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Yaws is a chronic illness which first affects the skin, and then affects the bones.


Yaws tends to strike children, particularly between the ages of two and five. It is common in areas where poverty and overcrowding interfere with good hygiene practices. The most common locations are in rural areas throughout Africa, Southeast Asia, and in locations bordering the equator in the Americas.

Causes and symptoms

Yaws is caused by a spiral-shaped bacterium (spirochete) called Treponema pertenue. This bacterium belongs to the same family as the bacterium that causes syphilis.
Yaws is passed among people by direct skin contact. It requires some kind of a scratched or insect bitten area in order for the bacteria to actually settle in and cause infection. An injured spot on the leg is the most common part of the body through which the bacteria enter. Young children, who are constantly bumping themselves in play, who wear little clothing, who do not wash their hands often, and who may frequently put their hands in their mouths, are particularly susceptible.
The first symptom of yaws occurs three to four weeks after acquiring the bacteria. The area where the bacteria originally entered the skin becomes a noticeable bump (papule). The papule grows larger and develops a punched-out center (ulcer), covered with a yellow crust. Lymph nodes in the area may become swollen and tender. This first papule may take as long as six months to heal. Secondary soft, gummy growths then appear on the face, arms and legs, and buttocks. These soft, tumor-like masses may grow on the soles of the feet, causing the patient to walk in an odd and characteristic fashion on the sides of his or her feet (nicknamed "crab yaws"). More destructive tumors may then disrupt the bones of the face, the jaw, and the lower leg. Ulcers around the nose and on the face may be very mutilating.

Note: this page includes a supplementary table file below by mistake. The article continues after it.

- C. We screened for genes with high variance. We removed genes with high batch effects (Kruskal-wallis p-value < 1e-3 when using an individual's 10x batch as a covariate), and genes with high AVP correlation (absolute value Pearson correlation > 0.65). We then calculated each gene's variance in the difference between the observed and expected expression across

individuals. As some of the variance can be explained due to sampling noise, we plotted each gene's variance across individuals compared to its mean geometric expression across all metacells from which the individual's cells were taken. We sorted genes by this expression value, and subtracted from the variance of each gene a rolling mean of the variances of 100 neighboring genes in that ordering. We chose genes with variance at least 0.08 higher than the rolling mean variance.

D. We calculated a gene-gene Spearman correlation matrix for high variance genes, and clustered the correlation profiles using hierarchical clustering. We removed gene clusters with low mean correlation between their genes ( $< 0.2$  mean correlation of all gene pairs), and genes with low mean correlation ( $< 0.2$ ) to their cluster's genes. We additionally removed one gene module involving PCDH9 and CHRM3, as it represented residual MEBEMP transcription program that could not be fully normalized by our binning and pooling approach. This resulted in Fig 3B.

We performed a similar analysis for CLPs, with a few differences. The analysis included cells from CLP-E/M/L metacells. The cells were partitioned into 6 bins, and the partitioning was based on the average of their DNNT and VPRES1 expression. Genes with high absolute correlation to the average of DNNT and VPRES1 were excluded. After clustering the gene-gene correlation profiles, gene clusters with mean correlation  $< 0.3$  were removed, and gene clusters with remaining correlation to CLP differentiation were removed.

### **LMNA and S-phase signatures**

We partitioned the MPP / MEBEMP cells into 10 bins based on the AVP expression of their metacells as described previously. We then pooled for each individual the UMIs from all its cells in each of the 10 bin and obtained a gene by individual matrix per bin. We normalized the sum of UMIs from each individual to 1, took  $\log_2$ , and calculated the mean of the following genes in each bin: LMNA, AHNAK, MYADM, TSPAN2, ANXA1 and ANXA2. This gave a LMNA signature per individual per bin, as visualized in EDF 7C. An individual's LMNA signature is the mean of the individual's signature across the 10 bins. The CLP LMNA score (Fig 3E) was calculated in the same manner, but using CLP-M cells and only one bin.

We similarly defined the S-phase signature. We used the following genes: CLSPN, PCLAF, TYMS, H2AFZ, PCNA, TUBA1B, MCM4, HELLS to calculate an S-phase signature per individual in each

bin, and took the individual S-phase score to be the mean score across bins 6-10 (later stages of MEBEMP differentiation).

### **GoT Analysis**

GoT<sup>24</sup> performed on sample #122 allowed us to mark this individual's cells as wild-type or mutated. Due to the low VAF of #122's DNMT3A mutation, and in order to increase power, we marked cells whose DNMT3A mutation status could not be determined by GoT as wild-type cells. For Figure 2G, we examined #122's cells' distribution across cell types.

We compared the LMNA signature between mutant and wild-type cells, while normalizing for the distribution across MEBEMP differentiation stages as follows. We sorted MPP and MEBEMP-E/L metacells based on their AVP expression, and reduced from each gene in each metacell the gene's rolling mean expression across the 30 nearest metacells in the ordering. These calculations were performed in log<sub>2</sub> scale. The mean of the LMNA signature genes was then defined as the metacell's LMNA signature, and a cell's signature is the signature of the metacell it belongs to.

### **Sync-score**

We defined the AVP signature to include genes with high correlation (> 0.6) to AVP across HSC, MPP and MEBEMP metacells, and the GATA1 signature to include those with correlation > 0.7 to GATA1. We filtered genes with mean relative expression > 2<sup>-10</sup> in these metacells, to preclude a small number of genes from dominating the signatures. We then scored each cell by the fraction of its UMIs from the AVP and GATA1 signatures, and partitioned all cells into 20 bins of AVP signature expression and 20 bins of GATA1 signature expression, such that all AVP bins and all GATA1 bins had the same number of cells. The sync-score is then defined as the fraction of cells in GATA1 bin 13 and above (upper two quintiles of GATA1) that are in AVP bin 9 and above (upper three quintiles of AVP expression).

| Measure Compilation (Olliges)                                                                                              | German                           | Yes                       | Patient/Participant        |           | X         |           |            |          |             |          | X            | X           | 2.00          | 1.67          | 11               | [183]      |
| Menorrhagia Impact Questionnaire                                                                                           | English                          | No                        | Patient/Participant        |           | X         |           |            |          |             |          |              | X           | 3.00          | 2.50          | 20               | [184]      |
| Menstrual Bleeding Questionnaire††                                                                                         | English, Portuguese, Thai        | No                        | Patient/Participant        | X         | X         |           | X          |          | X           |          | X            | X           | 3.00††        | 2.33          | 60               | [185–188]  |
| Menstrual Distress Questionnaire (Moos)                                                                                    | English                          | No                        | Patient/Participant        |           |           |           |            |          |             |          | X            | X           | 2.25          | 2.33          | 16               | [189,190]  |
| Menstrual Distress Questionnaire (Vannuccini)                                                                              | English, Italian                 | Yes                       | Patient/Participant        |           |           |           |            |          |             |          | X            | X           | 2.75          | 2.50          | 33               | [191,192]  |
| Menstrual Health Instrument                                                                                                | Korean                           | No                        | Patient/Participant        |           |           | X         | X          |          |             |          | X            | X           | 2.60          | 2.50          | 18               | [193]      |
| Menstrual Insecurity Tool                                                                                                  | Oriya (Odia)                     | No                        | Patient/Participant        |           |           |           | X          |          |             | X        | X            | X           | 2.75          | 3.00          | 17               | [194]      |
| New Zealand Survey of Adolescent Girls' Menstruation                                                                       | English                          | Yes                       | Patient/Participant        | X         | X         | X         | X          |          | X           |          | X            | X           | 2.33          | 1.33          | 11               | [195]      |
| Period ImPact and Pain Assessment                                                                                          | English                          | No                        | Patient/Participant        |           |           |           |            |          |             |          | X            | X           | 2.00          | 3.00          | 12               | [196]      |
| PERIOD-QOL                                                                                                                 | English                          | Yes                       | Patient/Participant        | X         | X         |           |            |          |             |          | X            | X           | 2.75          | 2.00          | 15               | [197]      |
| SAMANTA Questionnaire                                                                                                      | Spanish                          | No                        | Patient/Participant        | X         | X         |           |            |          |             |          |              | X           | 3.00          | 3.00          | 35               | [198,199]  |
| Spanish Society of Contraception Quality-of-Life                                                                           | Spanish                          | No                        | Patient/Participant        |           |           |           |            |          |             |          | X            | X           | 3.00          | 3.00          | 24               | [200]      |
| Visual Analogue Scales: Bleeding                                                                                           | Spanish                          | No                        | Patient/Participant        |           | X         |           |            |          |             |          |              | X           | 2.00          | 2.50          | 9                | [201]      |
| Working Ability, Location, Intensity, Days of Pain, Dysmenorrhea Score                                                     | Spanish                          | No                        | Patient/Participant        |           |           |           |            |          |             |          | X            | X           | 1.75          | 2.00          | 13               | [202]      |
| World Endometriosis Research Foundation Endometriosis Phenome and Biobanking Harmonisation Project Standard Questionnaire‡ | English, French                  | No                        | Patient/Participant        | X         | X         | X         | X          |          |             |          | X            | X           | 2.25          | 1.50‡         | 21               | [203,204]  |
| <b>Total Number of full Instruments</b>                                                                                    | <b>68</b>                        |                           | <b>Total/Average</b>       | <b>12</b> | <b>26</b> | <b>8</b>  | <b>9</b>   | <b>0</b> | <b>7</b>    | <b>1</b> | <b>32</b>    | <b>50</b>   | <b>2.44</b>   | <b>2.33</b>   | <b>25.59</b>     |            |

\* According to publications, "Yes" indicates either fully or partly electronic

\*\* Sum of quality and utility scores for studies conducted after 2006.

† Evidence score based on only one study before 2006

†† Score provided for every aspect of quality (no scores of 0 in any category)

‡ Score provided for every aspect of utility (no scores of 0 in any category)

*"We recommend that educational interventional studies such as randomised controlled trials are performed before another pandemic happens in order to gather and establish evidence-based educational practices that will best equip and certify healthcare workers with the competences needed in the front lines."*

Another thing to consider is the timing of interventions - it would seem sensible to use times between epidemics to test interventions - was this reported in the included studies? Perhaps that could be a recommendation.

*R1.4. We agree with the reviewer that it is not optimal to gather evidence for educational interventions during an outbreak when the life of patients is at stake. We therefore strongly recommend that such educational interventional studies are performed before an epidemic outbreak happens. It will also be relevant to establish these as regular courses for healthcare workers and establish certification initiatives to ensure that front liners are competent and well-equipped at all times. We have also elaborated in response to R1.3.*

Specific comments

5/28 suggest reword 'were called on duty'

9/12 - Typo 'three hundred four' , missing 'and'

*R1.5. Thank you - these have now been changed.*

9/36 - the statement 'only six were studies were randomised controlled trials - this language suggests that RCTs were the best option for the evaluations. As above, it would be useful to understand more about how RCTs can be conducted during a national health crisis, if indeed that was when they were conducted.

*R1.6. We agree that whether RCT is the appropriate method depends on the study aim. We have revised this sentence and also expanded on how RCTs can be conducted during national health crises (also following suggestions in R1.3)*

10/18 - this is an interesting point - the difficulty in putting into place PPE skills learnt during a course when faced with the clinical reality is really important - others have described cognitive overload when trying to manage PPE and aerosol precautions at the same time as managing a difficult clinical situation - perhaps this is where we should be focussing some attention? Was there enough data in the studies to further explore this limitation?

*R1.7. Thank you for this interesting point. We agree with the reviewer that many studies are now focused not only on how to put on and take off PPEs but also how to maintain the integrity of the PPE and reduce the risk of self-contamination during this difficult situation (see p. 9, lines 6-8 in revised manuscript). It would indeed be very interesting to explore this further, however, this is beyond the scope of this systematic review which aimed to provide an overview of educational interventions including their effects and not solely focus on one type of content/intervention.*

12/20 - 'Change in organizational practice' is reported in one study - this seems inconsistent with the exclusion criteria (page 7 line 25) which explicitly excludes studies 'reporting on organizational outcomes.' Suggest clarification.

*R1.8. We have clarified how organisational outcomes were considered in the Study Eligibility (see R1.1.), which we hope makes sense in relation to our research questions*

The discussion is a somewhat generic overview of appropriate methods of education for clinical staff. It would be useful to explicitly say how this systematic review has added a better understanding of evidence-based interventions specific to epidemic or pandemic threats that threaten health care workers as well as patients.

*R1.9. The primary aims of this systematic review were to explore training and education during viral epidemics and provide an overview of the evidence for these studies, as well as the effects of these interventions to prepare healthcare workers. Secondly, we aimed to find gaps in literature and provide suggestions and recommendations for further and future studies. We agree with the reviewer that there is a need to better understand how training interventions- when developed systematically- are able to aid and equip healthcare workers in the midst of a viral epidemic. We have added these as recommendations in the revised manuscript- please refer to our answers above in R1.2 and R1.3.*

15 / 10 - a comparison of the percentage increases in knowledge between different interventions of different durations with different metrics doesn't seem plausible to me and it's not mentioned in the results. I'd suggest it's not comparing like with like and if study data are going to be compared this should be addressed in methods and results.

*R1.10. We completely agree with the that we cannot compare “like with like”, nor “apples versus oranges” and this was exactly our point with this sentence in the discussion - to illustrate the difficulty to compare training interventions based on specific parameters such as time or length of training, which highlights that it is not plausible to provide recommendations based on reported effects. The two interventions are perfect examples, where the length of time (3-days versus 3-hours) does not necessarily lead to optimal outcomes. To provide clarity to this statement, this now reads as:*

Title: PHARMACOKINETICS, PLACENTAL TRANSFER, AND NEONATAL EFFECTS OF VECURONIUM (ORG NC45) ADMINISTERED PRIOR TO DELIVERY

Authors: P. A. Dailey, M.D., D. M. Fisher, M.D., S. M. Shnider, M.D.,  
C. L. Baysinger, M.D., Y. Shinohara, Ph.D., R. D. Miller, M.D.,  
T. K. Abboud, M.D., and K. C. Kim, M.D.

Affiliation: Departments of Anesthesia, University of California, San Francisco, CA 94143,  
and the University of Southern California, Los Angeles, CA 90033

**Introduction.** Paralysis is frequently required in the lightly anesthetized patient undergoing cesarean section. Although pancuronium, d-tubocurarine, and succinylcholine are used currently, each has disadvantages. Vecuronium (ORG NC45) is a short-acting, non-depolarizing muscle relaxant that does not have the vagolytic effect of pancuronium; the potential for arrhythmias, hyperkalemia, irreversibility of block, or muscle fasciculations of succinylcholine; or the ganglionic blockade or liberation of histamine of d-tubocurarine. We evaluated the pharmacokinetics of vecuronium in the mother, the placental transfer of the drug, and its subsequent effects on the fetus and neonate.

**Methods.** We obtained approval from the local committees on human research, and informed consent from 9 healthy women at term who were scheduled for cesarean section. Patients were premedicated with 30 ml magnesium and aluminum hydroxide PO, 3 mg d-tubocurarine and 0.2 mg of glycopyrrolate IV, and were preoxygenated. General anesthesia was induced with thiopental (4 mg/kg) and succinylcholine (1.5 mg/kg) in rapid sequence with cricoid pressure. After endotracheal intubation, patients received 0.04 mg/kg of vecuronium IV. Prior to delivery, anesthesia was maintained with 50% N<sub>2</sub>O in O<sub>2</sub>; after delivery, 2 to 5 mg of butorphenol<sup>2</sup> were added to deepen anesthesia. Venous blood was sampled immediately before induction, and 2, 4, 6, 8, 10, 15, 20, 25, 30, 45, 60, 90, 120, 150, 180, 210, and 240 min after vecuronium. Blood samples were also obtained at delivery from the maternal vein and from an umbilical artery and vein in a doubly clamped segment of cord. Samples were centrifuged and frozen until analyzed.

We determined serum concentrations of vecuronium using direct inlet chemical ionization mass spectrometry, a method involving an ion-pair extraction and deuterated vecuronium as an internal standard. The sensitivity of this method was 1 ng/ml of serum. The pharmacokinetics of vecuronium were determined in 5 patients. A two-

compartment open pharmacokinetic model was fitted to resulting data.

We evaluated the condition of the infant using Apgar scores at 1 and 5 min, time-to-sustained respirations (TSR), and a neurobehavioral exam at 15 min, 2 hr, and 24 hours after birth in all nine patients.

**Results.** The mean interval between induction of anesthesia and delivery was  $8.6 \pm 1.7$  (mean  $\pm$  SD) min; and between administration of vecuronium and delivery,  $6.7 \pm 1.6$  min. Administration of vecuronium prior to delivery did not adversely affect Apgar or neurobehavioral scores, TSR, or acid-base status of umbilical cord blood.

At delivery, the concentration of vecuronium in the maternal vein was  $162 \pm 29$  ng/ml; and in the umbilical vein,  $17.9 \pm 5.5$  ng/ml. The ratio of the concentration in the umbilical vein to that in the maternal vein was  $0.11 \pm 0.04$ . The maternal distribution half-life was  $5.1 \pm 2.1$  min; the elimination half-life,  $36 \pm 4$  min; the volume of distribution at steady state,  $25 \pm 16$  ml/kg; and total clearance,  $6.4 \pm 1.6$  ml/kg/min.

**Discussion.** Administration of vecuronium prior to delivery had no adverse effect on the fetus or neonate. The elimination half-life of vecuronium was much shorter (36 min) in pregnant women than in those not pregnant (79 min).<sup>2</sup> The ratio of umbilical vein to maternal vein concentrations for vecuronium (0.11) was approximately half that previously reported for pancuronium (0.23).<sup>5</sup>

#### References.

Samples taken from the first papules may be examined using a technique called dark-field microscopy. This often allows the spirochetes to be identified. They may also be identified in fluid withdrawn from swollen lymph nodes. Various tests can also be run on blood samples to determine if an individual is producing antibodies (special immune cells) which are specifically made in response to the presence of these spirochetes.


A single penicillin injection in a muscle is sufficient to completely end the disease.


Without treatment, yaws is a terribly disfiguring chronic illness. With appropriate treatment, the progression of the disease can be completely halted.


For a time, the World Health Organization (WHO) was working to totally eradicate yaws, just as smallpox was successfully eradicated. This has not occurred, however. WHO continues to work to identify and respond to outbreaks quickly, in an effort to at least slow the spread of yaws.



Centers for Disease Control and Prevention. 1600 Clifton Rd., NE, Atlanta, GA 30333. (800) 311-3435, (404) 639-3311. http://www.cdc.gov.

Key terms

Papule — A raised bump on the skin.
Ulcer — A punched-out, irritated pit on the skin.
Gale Encyclopedia of Medicine. Copyright 2008 The Gale Group, Inc. All rights reserved.


a highly infectious disease caused by the spirochete Treponema pertenue. It was once common in tropical and subtropical regions of the world such as equatorial Africa, Central and South America, the Caribbean, and Indonesia and nearby islands. However, programs of the World Health Organization have now reduced its incidence. Called also frambesia.